"PRIMA Learning" Stable Isotope Workshop in Cape Town in February 2023
The analysis of stable isotopes in an organism’s tissues provides information about its diet and trophic position and has become a useful tool for researching trophic ecology. Stable isotopes of carbon and nitrogen are most-commonly analysed and provide information about the primary production at the source of an organism’s trophic pathway and the relative trophic level of that organism within that pathway, respectively. Because stable isotope analysis (SIA) is now widely applied, an international workshop to provide post-graduate students and early researchers with an introduction to using this technique for the analysis of trophic interactions in the marine environment was held in Cape Town on the 20th-23rd of February 2023.
The stable isotope workshop was organised as part of the PRIMA Learning collaborative project between the University of Bergen (UiB), Norway and the University of the Western Cape (UWC), South Africa. The project collaborates with the EAF-Nansen Programme, which is funded by the Norwegian agency for development cooperation (Norad) and implemented by the Food and Agriculture Organization of the United Nations (FAO) in close collaboration with the Institute of Marine Research (IMR), Norway.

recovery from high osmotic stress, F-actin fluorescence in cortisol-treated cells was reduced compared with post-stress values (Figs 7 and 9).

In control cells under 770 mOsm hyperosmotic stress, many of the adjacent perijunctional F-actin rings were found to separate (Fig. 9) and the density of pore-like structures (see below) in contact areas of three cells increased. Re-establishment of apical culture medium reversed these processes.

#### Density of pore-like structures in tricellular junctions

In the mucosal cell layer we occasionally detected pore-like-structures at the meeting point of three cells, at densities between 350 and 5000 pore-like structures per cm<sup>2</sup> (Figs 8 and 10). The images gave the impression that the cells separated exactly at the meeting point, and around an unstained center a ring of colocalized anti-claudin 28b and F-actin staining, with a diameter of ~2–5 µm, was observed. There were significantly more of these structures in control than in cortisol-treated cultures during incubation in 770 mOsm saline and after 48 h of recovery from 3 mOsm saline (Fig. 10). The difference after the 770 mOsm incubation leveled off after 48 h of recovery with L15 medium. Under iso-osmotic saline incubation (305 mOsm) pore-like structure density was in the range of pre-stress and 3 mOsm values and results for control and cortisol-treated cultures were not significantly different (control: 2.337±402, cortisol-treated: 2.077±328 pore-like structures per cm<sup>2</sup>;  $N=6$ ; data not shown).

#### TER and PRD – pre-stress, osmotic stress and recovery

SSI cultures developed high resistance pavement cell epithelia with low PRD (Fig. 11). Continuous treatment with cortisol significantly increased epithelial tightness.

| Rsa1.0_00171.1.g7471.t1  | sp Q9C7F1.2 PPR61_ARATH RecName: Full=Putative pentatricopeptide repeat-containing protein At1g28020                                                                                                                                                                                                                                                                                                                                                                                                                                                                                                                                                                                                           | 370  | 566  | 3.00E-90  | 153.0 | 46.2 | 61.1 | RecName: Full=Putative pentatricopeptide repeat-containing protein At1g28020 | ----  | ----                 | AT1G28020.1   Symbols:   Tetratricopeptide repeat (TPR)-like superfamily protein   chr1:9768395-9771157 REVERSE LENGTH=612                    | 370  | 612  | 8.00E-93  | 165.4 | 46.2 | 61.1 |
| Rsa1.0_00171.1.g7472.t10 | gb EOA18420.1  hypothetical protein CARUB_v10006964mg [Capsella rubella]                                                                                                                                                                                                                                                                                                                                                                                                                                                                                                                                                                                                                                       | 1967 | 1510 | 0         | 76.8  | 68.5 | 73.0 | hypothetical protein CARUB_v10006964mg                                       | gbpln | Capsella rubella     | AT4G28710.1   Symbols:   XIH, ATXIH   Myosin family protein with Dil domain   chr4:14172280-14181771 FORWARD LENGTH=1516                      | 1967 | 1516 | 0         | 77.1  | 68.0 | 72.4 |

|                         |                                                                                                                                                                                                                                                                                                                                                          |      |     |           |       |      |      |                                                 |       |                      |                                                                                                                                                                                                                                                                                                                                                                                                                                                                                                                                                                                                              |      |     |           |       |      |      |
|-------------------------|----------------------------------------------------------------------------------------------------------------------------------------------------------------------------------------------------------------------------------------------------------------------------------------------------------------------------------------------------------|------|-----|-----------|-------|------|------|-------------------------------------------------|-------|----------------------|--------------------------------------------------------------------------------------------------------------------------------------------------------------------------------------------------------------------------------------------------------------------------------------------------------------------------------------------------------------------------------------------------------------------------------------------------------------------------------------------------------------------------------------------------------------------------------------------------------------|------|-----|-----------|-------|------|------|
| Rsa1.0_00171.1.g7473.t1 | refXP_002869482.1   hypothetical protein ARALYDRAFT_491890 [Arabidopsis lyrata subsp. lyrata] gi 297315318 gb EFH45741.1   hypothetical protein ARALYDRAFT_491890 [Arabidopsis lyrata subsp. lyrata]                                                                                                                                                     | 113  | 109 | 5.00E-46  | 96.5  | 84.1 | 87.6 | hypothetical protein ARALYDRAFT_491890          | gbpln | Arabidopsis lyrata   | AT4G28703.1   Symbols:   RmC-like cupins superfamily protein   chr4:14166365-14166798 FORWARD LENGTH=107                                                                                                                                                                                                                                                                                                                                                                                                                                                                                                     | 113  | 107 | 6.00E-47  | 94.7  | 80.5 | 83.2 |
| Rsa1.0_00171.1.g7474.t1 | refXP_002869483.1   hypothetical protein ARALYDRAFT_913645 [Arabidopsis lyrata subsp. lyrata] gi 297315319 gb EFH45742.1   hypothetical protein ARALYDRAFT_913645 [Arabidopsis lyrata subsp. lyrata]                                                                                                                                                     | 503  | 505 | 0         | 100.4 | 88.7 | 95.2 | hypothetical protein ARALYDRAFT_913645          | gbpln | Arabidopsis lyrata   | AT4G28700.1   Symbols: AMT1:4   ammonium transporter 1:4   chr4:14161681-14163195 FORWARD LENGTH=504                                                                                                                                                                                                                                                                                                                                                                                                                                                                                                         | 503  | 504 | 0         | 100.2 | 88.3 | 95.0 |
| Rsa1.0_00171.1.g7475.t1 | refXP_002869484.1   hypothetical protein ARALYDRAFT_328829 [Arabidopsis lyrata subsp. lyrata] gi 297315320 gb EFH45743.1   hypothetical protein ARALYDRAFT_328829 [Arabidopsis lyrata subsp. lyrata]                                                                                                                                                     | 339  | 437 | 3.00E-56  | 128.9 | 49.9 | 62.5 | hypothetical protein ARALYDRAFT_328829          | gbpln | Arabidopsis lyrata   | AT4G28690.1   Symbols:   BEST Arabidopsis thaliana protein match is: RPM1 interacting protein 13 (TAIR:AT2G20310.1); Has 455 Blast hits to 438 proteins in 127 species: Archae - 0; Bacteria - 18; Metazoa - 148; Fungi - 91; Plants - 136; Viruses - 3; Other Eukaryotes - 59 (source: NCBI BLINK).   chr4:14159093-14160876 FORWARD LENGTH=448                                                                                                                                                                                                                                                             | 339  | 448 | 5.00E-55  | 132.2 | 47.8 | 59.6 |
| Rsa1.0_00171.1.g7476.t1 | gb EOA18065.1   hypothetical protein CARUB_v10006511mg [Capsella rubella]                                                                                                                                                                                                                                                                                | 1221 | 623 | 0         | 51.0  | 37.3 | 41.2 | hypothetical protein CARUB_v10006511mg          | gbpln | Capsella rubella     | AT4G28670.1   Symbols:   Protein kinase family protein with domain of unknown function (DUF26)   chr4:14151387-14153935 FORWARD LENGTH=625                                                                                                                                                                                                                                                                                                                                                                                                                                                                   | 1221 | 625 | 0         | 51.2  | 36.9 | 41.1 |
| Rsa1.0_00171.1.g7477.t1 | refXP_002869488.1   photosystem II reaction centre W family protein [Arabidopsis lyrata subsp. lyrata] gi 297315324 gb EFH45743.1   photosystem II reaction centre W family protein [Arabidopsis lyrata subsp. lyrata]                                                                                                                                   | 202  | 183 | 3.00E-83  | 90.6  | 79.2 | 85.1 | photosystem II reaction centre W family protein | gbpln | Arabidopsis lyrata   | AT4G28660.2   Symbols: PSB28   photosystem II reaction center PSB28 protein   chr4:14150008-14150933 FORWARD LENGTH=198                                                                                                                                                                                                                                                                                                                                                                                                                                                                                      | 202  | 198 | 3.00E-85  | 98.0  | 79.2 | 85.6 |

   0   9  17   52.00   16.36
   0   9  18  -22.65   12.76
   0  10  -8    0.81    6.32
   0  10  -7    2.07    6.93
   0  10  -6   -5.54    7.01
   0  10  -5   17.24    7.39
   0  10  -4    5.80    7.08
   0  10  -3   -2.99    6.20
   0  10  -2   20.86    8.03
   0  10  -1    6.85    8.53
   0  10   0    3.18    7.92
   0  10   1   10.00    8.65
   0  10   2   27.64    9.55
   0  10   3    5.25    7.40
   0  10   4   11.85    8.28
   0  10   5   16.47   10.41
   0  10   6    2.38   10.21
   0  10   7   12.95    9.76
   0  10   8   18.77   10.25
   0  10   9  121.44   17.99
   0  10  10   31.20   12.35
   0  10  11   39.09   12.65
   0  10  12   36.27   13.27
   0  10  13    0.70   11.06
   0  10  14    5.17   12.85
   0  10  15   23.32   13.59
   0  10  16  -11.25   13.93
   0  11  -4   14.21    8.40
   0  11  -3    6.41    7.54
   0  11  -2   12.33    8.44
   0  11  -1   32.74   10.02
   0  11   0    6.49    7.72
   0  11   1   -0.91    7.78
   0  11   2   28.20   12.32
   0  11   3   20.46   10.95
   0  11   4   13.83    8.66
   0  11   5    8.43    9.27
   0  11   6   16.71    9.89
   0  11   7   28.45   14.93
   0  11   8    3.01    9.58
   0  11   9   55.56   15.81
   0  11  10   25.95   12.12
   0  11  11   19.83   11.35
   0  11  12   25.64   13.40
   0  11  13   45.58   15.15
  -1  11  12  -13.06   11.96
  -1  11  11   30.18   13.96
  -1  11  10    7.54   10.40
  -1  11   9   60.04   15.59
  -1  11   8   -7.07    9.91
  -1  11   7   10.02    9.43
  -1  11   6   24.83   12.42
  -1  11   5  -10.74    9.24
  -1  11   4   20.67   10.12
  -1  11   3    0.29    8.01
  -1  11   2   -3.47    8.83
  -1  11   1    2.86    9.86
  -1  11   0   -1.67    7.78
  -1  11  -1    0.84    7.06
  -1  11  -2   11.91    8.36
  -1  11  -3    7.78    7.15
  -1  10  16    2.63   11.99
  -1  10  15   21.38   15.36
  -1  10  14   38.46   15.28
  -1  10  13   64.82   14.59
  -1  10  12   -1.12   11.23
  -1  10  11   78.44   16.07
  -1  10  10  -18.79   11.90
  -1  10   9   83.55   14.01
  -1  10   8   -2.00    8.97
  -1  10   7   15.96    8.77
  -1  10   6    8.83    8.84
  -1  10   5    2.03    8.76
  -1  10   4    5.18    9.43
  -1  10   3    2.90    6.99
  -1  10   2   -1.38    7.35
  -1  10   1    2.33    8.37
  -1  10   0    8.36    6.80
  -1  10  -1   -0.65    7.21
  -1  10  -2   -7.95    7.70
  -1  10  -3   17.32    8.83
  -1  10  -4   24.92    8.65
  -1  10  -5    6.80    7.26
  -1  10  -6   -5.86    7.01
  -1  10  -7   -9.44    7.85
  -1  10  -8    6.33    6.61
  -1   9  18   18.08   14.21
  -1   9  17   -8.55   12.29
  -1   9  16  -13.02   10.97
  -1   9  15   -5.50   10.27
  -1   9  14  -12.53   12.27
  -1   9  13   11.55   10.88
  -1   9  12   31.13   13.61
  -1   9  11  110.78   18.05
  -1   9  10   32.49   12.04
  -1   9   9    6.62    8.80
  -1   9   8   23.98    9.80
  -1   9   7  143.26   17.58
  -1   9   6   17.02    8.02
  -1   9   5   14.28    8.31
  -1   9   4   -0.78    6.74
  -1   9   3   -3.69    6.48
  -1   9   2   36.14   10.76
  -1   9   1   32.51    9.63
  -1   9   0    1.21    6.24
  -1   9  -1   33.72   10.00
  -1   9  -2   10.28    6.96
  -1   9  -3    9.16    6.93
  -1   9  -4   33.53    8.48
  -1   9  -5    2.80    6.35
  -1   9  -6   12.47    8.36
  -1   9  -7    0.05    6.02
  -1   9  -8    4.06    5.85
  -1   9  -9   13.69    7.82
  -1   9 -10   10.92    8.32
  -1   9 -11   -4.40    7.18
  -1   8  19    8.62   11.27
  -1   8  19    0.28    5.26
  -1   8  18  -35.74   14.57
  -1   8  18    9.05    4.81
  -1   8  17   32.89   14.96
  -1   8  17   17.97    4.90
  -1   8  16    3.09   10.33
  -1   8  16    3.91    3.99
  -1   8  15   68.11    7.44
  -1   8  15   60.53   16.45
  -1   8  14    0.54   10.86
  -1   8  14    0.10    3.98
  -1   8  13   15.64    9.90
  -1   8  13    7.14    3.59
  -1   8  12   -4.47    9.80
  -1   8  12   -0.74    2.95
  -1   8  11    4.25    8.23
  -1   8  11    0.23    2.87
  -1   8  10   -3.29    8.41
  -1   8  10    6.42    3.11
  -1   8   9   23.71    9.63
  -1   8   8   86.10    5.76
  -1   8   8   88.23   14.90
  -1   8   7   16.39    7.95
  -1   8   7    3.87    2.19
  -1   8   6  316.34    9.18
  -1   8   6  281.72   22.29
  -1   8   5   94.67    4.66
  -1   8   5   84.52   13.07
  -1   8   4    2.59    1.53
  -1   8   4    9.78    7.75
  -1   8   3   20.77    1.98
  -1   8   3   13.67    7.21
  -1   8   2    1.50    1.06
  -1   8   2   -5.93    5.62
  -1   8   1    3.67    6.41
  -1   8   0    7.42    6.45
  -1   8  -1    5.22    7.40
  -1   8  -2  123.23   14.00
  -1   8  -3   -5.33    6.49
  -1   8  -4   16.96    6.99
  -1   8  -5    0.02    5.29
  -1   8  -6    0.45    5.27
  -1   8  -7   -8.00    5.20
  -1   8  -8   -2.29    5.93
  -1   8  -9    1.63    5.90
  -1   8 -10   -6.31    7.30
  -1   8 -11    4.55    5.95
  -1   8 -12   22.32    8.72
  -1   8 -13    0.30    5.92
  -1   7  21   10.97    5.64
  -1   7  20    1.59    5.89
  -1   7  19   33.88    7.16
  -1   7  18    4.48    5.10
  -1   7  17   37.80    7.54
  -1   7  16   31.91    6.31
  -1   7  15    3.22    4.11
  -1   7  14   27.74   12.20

The workshop was co-organised by Carl van der Lingen (Department of Forestry, Fisheries and the Environment [DFFE] and UWC) and Natalya Gallo (UiB) with logistical and technical support from Michael Brown (UWC) and was held at the Iziko South African Museum in Cape Town. The workshop comprised (i) introductory lectures by the co-organisers and local scientists with expertise in SIA including Prof. Judy Sealy (University of Cape Town [UCT]), Associate Prof. AJ Smit (UWC), and Mr. M. Horton (UCT); (ii) a tour of the Light Stable Isotope Laboratory, UCT; and (iii) guided, hands-on analysis by participants of actual SI data collected from several marine fish and invertebrate species sampled from the Benguela and California upwelling ecosystems as well as from Norwegian fjords. A total of 17 post-graduate students and early researchers from African and Norwegian universities and research institutions participated in the workshop (Figure 1).